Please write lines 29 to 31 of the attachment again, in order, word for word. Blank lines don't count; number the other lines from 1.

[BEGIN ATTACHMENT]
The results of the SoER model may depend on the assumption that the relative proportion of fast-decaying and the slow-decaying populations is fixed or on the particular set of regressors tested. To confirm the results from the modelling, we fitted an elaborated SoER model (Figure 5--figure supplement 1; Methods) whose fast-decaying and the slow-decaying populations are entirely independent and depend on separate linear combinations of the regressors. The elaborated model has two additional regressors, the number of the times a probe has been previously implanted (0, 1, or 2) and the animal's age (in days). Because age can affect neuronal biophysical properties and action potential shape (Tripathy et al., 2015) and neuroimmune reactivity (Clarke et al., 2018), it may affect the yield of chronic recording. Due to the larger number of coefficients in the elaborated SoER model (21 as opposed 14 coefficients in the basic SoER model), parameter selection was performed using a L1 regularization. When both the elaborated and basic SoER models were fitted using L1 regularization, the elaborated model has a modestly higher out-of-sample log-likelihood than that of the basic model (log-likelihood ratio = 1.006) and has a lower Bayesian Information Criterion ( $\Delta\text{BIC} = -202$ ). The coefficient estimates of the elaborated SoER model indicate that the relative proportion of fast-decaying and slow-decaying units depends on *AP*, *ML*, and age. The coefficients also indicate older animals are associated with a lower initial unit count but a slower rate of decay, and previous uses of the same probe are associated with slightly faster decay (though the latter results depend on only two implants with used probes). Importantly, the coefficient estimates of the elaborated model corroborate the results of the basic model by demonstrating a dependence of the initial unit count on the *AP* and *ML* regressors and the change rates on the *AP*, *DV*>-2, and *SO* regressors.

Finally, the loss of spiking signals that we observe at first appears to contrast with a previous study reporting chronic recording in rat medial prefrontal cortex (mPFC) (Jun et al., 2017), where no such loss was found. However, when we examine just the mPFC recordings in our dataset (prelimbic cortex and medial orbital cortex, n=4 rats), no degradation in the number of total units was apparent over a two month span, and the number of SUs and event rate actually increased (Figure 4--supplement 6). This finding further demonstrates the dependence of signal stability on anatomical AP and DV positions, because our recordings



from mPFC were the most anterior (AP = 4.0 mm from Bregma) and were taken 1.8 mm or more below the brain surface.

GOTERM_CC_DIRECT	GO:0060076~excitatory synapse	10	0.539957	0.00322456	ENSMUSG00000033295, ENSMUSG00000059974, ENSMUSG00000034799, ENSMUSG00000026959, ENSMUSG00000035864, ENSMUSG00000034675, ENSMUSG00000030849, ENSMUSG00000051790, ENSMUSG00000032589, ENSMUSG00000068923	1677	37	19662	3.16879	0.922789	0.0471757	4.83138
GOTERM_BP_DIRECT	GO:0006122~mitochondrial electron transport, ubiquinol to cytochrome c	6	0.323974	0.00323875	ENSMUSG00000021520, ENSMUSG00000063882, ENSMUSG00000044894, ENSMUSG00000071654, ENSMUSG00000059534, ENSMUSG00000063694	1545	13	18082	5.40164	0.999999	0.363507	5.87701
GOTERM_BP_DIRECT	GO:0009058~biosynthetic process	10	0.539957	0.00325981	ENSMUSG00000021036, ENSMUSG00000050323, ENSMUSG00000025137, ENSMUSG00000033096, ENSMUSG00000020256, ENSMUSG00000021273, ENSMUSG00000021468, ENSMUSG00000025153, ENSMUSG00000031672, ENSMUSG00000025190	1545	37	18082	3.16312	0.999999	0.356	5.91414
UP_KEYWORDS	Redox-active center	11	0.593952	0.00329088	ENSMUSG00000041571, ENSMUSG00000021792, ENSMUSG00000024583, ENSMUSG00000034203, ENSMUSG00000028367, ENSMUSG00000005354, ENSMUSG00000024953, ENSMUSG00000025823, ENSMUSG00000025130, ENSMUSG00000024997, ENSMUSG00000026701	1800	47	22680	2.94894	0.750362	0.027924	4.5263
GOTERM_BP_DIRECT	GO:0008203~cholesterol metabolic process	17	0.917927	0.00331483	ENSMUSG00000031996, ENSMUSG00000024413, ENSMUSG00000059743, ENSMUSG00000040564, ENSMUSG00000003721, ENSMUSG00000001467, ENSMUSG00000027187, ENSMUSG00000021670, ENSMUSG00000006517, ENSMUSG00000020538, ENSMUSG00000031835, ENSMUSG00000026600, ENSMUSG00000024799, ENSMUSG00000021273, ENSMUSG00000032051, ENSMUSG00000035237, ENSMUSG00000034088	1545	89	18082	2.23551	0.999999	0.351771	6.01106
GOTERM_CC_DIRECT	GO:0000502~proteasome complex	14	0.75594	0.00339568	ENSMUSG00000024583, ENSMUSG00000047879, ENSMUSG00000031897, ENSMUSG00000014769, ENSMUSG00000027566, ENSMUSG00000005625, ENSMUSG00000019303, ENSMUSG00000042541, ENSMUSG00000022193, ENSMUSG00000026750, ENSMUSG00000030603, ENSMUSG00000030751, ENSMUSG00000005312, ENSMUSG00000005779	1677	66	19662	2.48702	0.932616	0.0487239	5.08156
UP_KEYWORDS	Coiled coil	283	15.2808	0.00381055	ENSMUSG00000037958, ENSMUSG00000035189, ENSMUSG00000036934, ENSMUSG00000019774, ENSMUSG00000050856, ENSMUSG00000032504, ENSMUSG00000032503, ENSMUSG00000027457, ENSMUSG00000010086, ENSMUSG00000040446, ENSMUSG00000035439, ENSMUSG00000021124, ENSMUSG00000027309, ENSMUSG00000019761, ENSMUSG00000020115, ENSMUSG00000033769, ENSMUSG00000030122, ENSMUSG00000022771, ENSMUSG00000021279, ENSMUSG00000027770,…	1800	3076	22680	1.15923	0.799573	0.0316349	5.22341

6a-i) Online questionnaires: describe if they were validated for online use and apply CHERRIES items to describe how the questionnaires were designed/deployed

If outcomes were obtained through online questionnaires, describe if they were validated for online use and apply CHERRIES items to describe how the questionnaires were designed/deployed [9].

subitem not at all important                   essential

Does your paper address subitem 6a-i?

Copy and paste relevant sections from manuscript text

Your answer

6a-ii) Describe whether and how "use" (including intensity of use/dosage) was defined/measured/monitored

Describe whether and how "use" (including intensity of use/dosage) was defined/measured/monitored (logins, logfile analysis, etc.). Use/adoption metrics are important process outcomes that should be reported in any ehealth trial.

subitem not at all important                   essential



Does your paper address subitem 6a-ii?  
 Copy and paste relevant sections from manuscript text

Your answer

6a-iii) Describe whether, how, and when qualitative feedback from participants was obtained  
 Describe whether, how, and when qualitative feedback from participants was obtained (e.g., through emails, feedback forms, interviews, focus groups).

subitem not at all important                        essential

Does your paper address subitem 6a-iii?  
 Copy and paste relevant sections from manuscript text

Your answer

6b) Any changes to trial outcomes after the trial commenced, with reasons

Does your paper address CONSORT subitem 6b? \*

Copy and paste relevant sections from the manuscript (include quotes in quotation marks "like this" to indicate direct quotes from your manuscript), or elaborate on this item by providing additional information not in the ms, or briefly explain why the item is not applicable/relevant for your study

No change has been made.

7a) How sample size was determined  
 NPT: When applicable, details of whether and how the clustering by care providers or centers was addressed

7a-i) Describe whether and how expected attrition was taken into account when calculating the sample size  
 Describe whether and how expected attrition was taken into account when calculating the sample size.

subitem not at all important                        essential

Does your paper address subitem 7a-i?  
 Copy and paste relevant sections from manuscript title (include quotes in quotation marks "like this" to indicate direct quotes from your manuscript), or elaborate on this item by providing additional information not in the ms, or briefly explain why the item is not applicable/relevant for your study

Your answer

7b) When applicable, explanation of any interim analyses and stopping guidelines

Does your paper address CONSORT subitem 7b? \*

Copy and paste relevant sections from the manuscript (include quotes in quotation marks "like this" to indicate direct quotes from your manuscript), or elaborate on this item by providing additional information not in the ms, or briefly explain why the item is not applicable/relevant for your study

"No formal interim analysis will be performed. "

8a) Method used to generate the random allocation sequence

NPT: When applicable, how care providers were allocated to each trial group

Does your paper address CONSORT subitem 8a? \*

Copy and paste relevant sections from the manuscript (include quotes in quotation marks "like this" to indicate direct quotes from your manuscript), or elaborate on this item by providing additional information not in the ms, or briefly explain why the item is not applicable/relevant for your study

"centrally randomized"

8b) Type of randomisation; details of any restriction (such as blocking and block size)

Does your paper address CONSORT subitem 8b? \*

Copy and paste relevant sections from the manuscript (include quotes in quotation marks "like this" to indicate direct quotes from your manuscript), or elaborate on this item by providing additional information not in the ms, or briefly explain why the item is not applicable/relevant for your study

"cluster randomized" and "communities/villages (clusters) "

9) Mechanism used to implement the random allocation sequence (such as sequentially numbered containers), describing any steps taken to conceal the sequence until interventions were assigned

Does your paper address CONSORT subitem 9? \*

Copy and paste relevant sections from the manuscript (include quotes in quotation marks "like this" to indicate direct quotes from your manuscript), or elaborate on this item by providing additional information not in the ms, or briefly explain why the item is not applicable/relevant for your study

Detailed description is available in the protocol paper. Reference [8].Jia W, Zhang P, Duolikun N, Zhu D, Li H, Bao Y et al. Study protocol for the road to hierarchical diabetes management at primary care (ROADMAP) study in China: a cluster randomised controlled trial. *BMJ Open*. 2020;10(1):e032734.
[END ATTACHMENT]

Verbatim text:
6b) Any changes to trial outcomes after the trial commenced, with reasons

Does your paper address CONSORT subitem 6b? \*

Copy and paste relevant sections from the manuscript (include quotes in quotation marks "like this" to indicate direct quotes from your manuscript), or elaborate on this item by providing additional information not in the ms, or briefly explain why the item is not applicable/relevant for your study